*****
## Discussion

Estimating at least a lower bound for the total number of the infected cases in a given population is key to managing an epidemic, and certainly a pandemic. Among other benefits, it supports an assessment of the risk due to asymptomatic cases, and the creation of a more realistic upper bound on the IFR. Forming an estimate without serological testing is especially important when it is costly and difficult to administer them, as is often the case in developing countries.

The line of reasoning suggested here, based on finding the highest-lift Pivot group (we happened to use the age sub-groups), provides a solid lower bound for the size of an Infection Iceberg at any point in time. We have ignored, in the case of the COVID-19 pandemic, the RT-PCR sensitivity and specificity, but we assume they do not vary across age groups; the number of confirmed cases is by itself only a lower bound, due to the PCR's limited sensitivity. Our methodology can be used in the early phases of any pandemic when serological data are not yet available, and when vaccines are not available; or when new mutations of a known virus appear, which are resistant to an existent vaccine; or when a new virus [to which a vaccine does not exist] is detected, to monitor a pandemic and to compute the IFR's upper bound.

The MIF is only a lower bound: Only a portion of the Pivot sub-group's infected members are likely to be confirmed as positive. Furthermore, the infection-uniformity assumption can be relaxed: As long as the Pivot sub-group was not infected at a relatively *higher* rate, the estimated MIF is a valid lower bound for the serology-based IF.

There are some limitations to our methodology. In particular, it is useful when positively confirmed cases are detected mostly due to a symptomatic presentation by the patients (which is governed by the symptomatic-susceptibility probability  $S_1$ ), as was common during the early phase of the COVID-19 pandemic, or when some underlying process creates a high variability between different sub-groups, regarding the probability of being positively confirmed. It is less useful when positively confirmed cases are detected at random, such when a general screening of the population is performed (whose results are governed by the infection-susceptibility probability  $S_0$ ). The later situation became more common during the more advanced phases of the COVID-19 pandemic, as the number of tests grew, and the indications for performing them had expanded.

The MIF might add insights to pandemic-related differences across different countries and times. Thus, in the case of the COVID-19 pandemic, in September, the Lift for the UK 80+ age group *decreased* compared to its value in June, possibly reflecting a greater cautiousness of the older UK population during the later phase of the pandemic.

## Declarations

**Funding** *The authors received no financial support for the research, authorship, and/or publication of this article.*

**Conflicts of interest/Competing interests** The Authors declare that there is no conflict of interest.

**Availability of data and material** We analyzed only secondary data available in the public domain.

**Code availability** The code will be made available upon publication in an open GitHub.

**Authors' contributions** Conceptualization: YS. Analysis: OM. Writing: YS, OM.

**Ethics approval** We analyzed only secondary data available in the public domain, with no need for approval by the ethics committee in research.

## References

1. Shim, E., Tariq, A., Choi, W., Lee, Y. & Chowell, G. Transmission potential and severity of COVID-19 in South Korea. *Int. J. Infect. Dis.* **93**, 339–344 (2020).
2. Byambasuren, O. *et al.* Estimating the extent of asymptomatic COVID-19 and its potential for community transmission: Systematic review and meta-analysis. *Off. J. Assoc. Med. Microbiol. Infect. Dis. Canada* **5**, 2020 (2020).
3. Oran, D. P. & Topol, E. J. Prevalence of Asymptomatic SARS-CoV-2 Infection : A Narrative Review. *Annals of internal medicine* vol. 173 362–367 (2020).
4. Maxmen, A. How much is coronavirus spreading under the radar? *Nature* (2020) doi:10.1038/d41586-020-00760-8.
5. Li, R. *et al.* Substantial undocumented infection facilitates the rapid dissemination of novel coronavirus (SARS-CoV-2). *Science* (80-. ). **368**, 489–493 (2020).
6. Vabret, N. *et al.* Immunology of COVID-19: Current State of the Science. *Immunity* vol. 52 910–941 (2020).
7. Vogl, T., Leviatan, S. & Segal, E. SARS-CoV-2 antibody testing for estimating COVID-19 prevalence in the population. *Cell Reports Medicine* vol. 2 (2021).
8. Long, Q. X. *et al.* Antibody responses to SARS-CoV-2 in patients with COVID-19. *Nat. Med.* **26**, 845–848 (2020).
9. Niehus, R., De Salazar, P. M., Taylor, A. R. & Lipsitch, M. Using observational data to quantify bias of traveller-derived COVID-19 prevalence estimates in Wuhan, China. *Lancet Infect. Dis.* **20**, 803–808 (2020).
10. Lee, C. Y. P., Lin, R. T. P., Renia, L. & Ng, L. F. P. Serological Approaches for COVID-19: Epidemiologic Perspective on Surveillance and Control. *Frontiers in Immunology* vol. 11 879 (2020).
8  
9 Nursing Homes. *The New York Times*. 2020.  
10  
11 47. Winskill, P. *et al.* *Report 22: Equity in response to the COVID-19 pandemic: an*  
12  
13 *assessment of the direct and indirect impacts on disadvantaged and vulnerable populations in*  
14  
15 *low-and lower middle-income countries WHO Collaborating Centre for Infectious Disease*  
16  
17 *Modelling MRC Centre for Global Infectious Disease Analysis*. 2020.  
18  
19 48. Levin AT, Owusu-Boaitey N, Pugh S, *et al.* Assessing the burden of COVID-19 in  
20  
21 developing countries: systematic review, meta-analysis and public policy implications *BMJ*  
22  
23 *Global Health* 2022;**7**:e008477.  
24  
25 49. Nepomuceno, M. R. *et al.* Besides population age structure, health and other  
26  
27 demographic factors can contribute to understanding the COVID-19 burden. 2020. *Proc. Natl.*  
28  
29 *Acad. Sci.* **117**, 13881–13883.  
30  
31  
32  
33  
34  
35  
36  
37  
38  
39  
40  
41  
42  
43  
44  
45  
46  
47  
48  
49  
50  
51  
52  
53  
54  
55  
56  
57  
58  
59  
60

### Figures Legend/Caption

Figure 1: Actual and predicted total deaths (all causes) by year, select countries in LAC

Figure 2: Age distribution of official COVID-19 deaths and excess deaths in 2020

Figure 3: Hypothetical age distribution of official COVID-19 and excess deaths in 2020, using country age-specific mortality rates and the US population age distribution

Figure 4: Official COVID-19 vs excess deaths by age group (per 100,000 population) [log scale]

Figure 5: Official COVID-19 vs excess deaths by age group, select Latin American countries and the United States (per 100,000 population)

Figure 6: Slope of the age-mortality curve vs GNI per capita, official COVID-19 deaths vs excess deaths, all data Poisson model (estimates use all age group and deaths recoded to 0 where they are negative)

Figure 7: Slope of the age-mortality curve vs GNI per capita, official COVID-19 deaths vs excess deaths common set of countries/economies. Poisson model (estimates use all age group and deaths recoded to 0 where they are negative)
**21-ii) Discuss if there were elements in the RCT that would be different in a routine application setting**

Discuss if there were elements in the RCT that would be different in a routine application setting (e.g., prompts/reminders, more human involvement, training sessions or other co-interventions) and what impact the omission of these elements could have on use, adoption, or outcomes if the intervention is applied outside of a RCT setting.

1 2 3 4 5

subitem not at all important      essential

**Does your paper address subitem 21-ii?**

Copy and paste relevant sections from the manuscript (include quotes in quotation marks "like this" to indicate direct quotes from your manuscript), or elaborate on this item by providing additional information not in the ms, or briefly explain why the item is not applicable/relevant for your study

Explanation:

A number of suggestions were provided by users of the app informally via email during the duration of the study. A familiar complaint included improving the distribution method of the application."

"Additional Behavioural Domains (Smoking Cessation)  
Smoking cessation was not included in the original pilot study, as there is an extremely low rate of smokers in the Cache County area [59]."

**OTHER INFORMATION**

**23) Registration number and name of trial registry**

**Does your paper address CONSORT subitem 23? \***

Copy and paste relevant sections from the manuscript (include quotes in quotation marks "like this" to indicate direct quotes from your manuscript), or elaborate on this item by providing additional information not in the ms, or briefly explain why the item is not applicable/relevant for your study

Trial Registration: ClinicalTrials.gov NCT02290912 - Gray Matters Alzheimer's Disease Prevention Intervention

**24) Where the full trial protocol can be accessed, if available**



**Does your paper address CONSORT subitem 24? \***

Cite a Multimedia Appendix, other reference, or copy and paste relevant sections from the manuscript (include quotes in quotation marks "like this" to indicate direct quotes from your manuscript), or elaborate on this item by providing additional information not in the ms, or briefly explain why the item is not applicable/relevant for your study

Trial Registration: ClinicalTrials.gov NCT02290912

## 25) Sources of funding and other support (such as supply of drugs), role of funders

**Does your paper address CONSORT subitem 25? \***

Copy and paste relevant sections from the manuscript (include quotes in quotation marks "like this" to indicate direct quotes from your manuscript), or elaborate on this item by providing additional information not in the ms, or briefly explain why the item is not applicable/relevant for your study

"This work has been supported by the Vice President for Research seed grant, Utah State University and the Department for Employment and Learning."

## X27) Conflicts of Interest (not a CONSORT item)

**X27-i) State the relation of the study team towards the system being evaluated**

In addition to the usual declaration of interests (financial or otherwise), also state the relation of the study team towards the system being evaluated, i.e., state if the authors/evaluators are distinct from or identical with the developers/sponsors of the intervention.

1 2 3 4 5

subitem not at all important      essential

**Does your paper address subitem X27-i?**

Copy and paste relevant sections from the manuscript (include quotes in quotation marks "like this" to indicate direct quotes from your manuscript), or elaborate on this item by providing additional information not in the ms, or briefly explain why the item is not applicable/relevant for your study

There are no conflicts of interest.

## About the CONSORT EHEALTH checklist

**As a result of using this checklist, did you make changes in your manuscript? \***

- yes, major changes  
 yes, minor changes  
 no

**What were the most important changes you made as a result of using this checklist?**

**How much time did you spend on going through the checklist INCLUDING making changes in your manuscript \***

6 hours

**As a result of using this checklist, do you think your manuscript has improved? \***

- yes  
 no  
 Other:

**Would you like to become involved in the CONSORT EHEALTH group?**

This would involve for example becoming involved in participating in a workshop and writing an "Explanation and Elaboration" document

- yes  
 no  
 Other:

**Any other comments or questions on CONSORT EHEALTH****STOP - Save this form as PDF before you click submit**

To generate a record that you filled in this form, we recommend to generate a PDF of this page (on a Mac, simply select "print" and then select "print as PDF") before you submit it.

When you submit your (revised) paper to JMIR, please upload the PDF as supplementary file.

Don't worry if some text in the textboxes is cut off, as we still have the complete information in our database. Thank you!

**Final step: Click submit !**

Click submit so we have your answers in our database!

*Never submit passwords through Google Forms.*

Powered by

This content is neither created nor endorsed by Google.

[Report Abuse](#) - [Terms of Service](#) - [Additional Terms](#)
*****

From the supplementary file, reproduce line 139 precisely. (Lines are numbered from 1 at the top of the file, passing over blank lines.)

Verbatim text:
Click submit so we have your answers in our database!